Movies: The Adjustment Bureau ***
(12A, GENERAL RELEASE)
Such is the love affair between Hollywood and science-fiction writer Philip K Dick that his briefest utterance in print is deemed worthy of a major motion picture. Dick has been dead for almost 30 years, but, since then, his novels and stories have inspired at least a dozen films, including the likes of Blade Runner and Total Recall.
The Adjustment Bureau has been adapted from a Dick story called Adjustment Team by George Nolfi, who also directs the film. He does so with aplomb, but the movie's roots in a brief story rather than a novel become apparent long before its end.
Matt Damon is David Norris (I know, I know), an up-and-coming US congressman from New York who's in the middle of a Senate election campaign when a chance encounter changes his life.
Norris's campaign has hit a snag after photos of him engaged in a frat-boy college prank are leaked to the press. He has just retired to the men's room of a fancy hotel to fine-tune his dignified defeat speech when a glamorous woman emerges from one of the cubicles.
This is Elise Sallas (Emily Blunt), a beautiful English dancer who has a certain contempt for authority but takes an instant shine to Congressman Norris.
The feeling is mutual and, when Elise disappears, David is filled with longing for her. By chance he meets her again a few months later on a downtown Manhattan bus, and this time he takes her number and promises he'll see her again.
But what neither of them know is that dark forces are at work to keep them apart. When David reaches his office that day he finds his colleagues frozen in trances and is confronted by a group of strange men in long coats and homburg hats. They overpower him, a mysterious door is opened and David finds himself in a massive abandoned warehouse.
A character called Richardson (John Slattery) tells him that he is part of 'The Adjustment Bureau', a group of extraterrestrial corporate types who work tirelessly for a shadowy character called The Chairman, who may or may not be God.
The Chairman has a carefully laid plan for the world, and the Bureau are charged with seeing that individual humans do not divert from this schema. David has big things in his future, and if he starts a relationship with Elise all of this will be jeopardised.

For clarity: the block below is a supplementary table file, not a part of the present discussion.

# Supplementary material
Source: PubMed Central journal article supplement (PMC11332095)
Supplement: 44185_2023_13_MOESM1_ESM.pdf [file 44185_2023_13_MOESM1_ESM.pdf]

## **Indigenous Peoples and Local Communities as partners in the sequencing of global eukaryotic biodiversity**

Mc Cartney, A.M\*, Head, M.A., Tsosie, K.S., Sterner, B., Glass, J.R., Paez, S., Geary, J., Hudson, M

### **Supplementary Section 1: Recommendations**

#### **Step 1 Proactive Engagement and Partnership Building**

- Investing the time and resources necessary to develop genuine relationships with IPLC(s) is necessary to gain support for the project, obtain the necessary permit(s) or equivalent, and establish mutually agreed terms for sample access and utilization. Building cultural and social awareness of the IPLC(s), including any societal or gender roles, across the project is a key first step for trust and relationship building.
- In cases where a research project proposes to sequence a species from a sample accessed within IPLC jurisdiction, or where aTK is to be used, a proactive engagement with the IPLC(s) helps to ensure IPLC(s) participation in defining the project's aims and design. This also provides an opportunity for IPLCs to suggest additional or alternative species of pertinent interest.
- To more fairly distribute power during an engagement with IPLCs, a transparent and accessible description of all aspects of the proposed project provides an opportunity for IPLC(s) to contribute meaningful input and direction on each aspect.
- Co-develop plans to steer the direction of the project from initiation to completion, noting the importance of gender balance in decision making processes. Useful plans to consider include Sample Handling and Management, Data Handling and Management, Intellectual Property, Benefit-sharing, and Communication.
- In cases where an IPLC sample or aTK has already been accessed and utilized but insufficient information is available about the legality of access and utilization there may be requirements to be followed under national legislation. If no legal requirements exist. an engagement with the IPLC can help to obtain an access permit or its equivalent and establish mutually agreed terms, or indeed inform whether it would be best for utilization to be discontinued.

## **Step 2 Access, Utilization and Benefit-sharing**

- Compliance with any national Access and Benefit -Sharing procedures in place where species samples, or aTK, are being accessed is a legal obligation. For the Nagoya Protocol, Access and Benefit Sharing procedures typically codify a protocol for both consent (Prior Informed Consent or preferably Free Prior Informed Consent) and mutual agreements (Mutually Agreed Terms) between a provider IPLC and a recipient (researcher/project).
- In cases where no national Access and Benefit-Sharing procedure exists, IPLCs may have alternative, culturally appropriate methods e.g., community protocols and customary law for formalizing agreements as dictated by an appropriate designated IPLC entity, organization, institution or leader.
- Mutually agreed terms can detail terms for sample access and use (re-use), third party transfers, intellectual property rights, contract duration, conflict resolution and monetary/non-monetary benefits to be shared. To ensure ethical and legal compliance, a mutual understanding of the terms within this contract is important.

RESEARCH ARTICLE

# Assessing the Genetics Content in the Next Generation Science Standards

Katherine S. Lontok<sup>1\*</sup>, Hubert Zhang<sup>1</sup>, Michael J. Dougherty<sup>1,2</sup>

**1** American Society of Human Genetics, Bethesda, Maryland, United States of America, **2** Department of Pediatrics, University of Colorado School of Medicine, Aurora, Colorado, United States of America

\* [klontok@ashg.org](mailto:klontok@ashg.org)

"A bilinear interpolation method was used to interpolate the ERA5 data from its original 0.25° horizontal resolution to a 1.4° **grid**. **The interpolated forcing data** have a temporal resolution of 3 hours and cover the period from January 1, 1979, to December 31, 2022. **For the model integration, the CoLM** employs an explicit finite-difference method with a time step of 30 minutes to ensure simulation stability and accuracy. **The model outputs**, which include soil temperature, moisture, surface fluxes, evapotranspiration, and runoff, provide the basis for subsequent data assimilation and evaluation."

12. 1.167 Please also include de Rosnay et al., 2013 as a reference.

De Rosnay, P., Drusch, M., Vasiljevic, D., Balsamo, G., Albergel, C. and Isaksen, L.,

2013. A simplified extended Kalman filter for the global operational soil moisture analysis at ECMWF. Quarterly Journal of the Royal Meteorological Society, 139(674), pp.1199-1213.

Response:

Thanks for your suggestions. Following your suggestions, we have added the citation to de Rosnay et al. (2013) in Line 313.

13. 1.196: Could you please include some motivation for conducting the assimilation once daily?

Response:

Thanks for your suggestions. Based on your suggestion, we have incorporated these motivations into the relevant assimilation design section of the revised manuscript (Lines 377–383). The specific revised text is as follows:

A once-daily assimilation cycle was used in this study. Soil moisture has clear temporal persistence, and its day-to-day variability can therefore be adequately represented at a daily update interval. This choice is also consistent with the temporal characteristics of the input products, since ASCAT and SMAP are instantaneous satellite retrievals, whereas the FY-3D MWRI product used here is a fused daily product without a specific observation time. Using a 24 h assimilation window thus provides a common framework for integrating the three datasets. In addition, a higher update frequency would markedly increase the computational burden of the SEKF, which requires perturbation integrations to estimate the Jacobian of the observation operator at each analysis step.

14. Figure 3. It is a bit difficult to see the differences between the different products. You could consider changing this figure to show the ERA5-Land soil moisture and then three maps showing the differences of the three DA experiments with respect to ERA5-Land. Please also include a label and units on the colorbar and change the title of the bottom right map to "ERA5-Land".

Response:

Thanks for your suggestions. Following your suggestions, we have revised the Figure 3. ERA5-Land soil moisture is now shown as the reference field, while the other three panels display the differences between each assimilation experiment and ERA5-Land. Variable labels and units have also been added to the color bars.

David returns to his normal life confused as to what to do. But try as he might he cannot get Elise out of his mind, and his growing love for her will drive him to defy the Adjustment Bureau.
For its first 40 minutes or so, George Nolfi's film proceeds with commendable energy, invention and even wit. The technicalities of the Bureau's operation are diverting: its members criss-cross Manhattan in seconds through a system of portals that deposit them from Battery Park to Central Park in seconds, and they share a kind of gallows humour about their demanding and complex work.
But the paranoid, ethereal world that Philip K Dick invented was conjured up in broad brush strokes and intended to last a few brief pages. It is nowhere near complete or coherent enough to sustain a two-hour movie, and David and Elise's dilemma becomes vaguely risible before it ends.
Which is a pity, because Matt Damon and Emily Blunt are terrific together, and would make a compelling rom-com double act were they ever to consider such a venture. There's genuine chemistry between them, and The Adjustment Bureau's finest moments come courtesy of their romantic interactions. Both make the most of the script's lighter moments as well, and make a rather slender sci-fi yarn more than merely watchable.
Day & Night